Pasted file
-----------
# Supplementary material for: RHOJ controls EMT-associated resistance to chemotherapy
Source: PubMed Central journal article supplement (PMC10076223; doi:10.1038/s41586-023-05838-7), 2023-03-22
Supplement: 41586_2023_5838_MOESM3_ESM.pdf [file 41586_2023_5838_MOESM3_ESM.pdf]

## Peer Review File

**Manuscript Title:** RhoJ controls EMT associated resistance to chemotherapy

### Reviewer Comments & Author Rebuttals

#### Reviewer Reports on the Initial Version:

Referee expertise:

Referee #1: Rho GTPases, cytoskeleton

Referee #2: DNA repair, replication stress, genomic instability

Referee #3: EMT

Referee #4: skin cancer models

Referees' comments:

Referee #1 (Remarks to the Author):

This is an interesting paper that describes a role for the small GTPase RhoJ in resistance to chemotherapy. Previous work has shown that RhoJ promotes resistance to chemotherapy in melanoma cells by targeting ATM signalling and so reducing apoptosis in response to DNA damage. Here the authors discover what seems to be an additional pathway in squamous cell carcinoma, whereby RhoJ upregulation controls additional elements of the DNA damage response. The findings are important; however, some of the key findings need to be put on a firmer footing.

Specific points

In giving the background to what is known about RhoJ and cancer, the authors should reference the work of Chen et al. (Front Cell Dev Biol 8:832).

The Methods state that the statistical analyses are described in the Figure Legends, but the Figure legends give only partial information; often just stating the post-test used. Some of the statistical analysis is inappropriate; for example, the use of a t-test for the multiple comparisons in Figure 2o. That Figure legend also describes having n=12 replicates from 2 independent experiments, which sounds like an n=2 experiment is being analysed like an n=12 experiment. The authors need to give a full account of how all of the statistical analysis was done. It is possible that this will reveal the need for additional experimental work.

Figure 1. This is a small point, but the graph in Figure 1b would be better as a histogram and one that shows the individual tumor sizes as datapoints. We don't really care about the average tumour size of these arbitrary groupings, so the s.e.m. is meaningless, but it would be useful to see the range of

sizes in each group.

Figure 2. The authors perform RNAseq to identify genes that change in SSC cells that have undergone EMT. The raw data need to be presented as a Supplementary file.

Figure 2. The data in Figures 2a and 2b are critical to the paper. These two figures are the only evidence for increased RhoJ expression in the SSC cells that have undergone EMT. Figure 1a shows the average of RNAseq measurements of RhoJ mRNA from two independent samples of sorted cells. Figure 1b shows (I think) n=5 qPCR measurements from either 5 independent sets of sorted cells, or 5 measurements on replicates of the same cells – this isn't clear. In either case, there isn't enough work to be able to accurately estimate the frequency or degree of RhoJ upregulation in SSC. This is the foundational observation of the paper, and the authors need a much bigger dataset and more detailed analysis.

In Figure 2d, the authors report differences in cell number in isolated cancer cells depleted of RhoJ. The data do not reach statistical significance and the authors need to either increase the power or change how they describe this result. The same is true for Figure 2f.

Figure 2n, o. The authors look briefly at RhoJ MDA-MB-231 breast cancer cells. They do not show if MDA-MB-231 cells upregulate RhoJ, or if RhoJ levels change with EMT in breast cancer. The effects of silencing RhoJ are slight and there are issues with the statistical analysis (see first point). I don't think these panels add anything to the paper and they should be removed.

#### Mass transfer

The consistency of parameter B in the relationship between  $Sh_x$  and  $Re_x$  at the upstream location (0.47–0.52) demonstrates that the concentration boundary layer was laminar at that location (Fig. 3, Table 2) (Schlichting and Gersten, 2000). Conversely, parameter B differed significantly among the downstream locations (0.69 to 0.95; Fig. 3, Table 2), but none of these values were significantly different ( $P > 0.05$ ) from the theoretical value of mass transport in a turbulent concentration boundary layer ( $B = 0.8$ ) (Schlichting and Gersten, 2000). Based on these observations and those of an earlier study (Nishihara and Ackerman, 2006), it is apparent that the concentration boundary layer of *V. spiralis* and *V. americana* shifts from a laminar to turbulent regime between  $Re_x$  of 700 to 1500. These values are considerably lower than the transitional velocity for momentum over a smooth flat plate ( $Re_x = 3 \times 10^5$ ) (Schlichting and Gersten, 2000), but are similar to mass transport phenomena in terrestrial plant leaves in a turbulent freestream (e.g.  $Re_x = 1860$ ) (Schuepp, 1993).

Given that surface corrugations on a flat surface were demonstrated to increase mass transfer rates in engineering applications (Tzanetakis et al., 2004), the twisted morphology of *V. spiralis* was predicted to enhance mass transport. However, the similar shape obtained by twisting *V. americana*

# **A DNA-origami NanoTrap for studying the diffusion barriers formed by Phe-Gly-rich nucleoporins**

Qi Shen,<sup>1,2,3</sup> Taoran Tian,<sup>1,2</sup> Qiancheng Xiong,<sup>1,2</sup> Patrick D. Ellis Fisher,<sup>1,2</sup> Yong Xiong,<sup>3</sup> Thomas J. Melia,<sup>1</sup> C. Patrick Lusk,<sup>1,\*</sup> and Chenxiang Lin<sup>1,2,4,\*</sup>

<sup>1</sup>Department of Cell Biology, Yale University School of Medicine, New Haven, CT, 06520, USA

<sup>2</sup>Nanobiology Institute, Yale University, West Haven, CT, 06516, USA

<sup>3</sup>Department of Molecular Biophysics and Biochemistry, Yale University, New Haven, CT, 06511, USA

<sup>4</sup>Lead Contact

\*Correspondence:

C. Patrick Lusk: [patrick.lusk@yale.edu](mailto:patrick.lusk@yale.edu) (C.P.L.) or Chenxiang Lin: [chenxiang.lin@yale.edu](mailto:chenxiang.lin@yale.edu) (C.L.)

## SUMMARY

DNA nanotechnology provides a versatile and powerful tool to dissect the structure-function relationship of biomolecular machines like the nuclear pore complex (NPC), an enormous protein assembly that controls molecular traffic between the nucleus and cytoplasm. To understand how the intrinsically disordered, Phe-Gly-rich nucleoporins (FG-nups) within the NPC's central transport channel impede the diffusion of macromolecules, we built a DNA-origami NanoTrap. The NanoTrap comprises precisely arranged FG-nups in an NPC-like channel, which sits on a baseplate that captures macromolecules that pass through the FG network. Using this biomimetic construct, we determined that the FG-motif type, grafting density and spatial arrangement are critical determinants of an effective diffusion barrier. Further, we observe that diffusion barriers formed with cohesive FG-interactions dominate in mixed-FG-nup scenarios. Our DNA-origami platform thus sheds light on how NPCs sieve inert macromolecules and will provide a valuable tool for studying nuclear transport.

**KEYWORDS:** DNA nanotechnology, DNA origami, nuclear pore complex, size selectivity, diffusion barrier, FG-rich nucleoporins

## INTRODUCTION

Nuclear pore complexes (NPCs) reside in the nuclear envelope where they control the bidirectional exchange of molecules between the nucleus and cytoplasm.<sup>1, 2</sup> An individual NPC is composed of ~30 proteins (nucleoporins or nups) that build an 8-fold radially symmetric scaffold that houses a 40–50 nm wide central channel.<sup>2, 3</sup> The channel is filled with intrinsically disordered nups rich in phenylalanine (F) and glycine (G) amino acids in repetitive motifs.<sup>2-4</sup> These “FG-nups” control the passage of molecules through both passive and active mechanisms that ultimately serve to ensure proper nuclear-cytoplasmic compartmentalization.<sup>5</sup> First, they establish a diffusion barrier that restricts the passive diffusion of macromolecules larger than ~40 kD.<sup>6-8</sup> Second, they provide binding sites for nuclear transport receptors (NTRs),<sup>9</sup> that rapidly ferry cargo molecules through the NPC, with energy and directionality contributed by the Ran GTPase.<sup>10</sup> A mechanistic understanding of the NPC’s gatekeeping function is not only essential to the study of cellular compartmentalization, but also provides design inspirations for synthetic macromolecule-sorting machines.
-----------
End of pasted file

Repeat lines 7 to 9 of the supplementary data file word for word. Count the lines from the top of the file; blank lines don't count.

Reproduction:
#### Reviewer Reports on the Initial Version:

Referee expertise:

Referee #1: Rho GTPases, cytoskeleton